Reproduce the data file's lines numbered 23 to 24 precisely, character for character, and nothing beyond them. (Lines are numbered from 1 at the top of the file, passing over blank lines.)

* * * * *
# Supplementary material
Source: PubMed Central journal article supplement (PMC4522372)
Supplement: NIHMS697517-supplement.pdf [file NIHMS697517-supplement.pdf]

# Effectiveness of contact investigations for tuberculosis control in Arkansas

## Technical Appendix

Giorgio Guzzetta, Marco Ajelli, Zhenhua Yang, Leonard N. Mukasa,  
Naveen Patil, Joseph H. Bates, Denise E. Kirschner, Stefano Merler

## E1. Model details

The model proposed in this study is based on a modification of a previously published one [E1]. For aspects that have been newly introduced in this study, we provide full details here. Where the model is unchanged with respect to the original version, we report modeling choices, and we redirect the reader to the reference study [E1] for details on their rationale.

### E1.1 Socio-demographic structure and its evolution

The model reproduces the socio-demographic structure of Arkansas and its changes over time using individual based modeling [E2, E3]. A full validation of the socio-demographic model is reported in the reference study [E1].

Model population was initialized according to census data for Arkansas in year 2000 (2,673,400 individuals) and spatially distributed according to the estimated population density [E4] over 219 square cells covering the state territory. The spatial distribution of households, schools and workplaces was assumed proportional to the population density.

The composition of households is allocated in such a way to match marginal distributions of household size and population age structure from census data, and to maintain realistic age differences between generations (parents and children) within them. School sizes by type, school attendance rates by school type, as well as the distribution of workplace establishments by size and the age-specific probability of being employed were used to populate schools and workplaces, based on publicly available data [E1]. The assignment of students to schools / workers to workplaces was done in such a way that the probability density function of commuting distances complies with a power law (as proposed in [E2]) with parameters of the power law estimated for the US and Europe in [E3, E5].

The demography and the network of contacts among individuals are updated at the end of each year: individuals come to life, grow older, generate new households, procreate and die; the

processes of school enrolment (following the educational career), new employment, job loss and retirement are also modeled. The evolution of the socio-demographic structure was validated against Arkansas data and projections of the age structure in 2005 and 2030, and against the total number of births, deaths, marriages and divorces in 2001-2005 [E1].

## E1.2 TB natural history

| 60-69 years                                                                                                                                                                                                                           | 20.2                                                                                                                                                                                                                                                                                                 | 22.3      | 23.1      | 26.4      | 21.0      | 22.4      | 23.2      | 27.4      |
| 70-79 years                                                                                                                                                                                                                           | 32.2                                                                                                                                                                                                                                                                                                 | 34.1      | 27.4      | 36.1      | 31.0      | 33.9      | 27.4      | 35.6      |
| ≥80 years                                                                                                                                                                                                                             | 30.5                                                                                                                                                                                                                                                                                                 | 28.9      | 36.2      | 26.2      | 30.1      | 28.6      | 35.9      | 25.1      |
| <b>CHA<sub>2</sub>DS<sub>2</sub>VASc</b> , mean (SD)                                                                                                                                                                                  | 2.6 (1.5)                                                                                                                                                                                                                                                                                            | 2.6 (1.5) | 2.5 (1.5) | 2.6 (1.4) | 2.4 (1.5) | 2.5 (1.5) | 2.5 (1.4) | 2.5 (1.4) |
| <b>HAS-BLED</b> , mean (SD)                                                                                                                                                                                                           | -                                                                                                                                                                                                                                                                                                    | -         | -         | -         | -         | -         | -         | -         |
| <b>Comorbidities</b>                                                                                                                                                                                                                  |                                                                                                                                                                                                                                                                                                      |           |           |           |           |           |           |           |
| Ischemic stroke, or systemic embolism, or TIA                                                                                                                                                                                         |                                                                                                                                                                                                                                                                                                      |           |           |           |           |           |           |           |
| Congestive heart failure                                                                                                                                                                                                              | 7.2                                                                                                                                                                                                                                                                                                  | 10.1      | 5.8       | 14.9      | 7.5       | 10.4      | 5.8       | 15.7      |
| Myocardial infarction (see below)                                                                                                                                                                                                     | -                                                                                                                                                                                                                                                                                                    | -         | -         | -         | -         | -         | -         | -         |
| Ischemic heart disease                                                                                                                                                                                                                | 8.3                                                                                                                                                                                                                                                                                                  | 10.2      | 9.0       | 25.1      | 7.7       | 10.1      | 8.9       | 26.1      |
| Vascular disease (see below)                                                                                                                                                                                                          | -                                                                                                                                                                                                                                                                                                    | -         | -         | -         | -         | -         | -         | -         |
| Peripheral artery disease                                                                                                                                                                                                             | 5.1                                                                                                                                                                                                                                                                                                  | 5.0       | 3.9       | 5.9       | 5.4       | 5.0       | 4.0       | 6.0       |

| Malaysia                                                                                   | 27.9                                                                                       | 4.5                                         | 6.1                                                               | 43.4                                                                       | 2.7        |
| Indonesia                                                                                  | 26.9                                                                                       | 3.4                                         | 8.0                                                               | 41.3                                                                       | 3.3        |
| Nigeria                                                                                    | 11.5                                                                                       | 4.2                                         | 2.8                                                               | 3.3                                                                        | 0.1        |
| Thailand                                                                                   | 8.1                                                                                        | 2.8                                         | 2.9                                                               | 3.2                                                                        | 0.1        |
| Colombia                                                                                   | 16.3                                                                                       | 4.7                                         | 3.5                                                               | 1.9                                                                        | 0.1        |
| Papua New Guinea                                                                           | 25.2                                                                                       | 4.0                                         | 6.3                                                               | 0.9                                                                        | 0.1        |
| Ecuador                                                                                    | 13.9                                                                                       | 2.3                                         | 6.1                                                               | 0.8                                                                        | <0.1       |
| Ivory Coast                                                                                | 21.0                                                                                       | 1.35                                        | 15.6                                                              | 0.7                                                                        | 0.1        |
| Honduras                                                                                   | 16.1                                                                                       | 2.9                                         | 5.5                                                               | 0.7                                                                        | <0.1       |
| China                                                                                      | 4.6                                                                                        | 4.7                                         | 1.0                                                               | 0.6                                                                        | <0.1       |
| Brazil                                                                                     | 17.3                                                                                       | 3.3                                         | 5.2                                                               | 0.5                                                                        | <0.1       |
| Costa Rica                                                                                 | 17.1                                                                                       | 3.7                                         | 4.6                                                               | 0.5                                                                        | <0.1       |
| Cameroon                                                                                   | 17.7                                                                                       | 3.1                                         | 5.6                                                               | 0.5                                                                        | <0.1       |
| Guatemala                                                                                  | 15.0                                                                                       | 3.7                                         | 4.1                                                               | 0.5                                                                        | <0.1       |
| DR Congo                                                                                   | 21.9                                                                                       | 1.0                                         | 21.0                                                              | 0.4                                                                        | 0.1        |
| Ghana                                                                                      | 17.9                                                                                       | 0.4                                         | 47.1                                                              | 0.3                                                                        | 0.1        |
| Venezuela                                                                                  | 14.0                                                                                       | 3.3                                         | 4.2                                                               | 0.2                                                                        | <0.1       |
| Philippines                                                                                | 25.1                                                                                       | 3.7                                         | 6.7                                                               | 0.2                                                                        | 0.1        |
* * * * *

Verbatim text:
| Ischemic stroke, or systemic embolism, or TIA                                                                                                                                                                                         |                                                                                                                                                                                                                                                                                                      |           |           |           |           |           |           |           |
| Congestive heart failure                                                                                                                                                                                                              | 7.2                                                                                                                                                                                                                                                                                                  | 10.1      | 5.8       | 14.9      | 7.5       | 10.4      | 5.8       | 15.7      |